WORDS BY: NICK GORDON BROWN
As Melvo continues to salute many of the pioneers and originators who have helped shape the Glitterbox philosophy, we continue to supplement the radio show with additional storytelling. Here we focus on the multi-genre recordings of vocal giants: Ms Chaka Khan (show 162) and Mr Billy Paul (show 163).
Chaka Khan is a byword for quality whose vocal calisthenics have allowed her to excel in numerous genres. She was once billed, most likely by an over eager record company marketing department, as the Queen of Funk. However, her effortless genre-hopping could just as easily have seen her dubbed Duchess of Disco. Our snapshot selection holds up a mirror to the wide range of styles in her peerless catalogue – a range as wide as her infectious smile.
Growing up in a bohemian part of Chicago, Chaka was flirting with the radical Black Panthers group by 14, and had a record deal fronting Rufus, a multi-racial funk band, by 17. It is from this era that we have culled our first cut. This Stevie Wonder-penned number from 1974 is the perfect introductory showcase for Chaka. When she tells us, “what I got to give will sho' 'nuff do you good”, it’s as if she’s crystal-ball gazing.
Rufus as a band was not a stable ship, and given her sheer presence, a Khan solo deal was inevitable – and her debut album (1978) opened with a stone cold classic which saw Chaka riding the disco wave with characteristic class.
A song written by Prince. A harmonica solo from Stevie Wonder. And an opening serenade rap from Melle Mel. Yet this song is all about Chaka, another milestone release as she put her stamp on the 1980s.
In case you were wondering, Chaka is equally adept at interpreting jazz – as when singing the standard that is ‘Summertime’. Giants of the genre have queued up to work with her – including Miles Davis and Herbie Hancock.
Ask someone for Chaka’s biggest track, and this is the one that will most likely vie for top spot with ‘I’m Every Woman’ and ‘I Feel For You.’ Released with Rufus in 1983 during one of Chaka’s sporadic returns to the group, ‘Ain’t Nobody’ is such a timeless number, that she now on occasions performs it with orchestral backing.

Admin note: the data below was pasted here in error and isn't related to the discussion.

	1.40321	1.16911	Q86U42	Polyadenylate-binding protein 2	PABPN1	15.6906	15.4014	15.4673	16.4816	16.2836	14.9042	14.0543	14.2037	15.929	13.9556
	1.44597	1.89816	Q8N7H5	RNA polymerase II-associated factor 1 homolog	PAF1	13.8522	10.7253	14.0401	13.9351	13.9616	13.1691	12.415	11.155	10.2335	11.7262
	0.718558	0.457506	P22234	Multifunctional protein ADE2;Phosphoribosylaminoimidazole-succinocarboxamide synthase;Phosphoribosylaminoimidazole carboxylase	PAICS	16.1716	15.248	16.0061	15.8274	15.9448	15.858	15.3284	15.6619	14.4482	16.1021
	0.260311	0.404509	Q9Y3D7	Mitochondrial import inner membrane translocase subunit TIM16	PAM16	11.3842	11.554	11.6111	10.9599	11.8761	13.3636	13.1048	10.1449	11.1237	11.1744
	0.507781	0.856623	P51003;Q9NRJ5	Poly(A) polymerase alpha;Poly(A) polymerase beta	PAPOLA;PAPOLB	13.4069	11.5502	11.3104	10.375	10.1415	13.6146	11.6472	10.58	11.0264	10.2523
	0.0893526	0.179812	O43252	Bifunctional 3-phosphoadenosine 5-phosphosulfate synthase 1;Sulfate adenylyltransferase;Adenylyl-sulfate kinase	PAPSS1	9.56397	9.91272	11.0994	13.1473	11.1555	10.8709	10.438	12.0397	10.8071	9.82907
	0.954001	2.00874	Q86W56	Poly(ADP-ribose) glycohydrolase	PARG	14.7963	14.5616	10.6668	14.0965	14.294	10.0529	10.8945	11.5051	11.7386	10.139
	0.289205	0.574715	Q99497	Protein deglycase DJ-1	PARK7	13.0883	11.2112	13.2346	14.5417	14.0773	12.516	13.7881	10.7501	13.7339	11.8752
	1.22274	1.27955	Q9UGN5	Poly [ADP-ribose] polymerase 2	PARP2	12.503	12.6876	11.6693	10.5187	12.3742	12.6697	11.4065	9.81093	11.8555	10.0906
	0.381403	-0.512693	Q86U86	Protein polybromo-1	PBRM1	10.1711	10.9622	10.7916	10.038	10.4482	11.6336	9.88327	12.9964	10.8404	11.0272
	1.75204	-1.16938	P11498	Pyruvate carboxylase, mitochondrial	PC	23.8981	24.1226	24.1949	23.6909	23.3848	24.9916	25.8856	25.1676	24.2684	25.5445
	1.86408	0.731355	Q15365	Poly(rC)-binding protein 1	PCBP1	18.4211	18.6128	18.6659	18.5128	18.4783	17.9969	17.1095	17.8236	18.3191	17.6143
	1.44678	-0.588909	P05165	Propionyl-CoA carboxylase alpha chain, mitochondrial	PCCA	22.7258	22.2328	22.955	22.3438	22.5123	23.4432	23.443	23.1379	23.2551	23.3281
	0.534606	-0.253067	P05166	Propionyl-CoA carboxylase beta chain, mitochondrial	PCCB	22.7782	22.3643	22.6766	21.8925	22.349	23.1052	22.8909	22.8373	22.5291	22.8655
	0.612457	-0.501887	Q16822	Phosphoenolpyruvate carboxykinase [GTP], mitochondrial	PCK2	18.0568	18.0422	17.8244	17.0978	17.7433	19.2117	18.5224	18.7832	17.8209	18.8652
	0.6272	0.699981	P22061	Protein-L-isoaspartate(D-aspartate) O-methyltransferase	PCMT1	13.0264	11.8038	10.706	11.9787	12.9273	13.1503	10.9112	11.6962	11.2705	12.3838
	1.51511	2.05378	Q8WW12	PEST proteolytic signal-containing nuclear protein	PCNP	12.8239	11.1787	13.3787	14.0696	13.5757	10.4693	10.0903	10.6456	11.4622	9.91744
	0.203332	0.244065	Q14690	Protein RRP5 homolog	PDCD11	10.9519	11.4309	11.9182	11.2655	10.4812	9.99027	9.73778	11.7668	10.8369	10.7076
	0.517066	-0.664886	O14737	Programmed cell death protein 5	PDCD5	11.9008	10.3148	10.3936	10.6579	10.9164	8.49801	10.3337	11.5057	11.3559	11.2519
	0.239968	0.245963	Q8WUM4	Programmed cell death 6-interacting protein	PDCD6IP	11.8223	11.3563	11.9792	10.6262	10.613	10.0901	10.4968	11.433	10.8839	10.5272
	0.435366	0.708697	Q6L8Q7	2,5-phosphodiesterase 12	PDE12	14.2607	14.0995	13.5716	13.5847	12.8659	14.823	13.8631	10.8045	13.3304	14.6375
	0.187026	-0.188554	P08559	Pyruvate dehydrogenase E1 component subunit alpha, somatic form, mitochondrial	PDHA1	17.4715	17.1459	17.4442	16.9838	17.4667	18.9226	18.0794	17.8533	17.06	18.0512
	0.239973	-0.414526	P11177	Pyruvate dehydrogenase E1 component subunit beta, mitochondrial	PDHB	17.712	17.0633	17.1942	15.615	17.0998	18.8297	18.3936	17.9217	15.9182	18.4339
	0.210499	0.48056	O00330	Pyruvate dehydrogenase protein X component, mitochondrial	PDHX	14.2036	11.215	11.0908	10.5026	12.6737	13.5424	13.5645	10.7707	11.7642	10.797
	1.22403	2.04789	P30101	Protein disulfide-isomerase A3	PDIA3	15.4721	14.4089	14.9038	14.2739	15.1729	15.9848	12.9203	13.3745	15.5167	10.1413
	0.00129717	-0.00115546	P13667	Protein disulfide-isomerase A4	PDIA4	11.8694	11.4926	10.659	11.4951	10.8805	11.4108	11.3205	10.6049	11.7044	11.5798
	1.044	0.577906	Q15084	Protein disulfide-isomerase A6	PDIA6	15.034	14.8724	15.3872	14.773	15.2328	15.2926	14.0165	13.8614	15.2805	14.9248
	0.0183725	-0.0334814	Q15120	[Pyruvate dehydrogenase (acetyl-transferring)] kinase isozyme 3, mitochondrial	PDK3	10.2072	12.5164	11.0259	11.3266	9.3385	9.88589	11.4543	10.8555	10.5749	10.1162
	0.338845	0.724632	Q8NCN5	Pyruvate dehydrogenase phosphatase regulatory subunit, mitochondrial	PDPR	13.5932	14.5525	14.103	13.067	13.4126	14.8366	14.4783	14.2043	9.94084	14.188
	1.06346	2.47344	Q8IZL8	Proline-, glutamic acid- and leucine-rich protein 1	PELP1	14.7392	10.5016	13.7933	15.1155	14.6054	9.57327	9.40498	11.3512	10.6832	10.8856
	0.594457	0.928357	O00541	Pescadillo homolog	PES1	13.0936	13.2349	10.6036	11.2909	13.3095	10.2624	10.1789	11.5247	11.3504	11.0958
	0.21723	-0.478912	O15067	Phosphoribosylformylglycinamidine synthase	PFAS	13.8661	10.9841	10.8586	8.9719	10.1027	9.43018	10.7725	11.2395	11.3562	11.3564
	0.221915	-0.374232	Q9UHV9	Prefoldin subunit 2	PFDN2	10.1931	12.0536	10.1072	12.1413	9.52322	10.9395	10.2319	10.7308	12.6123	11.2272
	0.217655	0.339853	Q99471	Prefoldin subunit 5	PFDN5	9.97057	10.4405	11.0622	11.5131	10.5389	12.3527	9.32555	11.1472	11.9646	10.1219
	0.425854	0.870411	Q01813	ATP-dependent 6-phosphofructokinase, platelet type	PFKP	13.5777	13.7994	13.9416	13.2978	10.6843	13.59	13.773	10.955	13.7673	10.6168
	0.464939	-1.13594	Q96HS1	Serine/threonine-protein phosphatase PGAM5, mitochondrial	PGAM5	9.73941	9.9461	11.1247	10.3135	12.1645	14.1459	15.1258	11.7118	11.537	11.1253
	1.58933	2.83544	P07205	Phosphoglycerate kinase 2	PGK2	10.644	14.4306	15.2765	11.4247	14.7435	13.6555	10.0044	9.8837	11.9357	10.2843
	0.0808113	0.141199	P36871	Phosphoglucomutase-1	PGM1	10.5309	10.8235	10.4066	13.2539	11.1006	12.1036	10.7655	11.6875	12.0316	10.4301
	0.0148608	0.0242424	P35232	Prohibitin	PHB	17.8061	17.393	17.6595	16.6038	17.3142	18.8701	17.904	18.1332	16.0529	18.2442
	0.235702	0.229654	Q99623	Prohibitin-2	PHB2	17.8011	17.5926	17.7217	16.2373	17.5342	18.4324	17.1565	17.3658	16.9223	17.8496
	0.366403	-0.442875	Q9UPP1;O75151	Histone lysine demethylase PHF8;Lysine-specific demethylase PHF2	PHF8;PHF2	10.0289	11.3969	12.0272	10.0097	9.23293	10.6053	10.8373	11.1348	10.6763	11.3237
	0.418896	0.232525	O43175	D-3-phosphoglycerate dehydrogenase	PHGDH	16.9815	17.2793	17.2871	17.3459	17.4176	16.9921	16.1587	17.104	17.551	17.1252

It was only a matter of time before Chaka was remixed onto the dancefloors of the house nation, but the 1989 Life Is A Dance – The Remix Projectwas still one of the first of its kind. As ever with such albums, the results divided opinion, but few would disagree that Tony Humphries delivered an absolute gem.
Chaka Khan has, of course, been sampled. A lot. We have opted for a contemporary producer to mark her ongoing relevance – here Kaytranada samples ‘I Know You, I Live You’ on one of his earliest releases from 2013.
In 2018 Chaka returned with a number that was soon ubiquitous, from dancefloors to airline ads. Produced by Major Lazer’s Switch, its foundation is the Fatback Band’s evergreen funk classic ‘(Are You Ready) Do the Bus Stop’.
Billy Paul had something of a rollercoaster career, but his place in the pantheon of soul greats remains assured. Born in 1934, he was making music in the 1950s and released his first album in 1968. However, it is for his work in the 1970s as part of the Philadelphia International Records (PIR) stable, that he is best known. Whilst often dogged by controversy, his Philly period was rewarding both creatively and commercially.
With a rich and adaptable vocal style, it is as a soul singer that Billy is most revered. This wonderfully upbeat number has particular lyrical resonance just now – “Thanks for savin' my life/ For pickin' me up/ Dustin’ me off/ Makin’ me feel like I'm living again.”
The Grammy award winning multi-million seller that became Billy’s biggest hit and signature tune. ‘Me & Mrs Jones’, a tale of an extra-marital affair, was deemed controversial on release in 1972, but that didn’t stop it topping charts worldwide and attaining legendary status. In later years, Paul would sue PIR for unpaid royalties on the track, winning a large settlement.
A different sort of controversy was to erupt with the follow up single to ‘Me & Mrs Jones’. Musically it was an about turn, from balladry to funk workout – but it was the lyrical content that was to impact Paul’s career. A black power call to arms proved too much for many in the conservative world of 1970s radio, and while ‘Am I Black Enough For You’ is now held in the highest regard, it stalled Paul’s career, and he found it hard to forgive label co-owner Kenneth Gamble, who he said chose it as a single.
Ultimately, ‘Am I Black Enough For You’ rode out the controversy to become the rallying call for many black artists that Gamble had no doubt hoped it would be. A fellow Philadelphian, rapper Schoolly D, took both the title and a large chunk of the chorus for his 1989 album; while UK reggae ambassadors Steel Pulse introduced it into their live shows.
By 1979, disco ruled the roost – Billy eased into the genre, but on his own terms. Our choice, ‘Bring the Family Back’, is a great soul record, but with just enough concessions to the production style of the time to nudge its way onto dancefloors.
We have again opted for a contemporary artist to highlight the ongoing relevance of the Billy Paul catalogue. On ‘Yah’ from 2017’s Damn album, Kendrick Lamar utilised Billy’s 1976 cut ‘How Good Is Your Game’.
Also in 1976, Billy took ’Let ‘em In’ by Paul McCartney’s Wings and made it very much his own, sampling Malcolm X and Martin Luther King, personalising the roll call of names to include his own heroes and family members, and delivering an impassioned vocal performance in contrast to McCartney’s laidback delivery.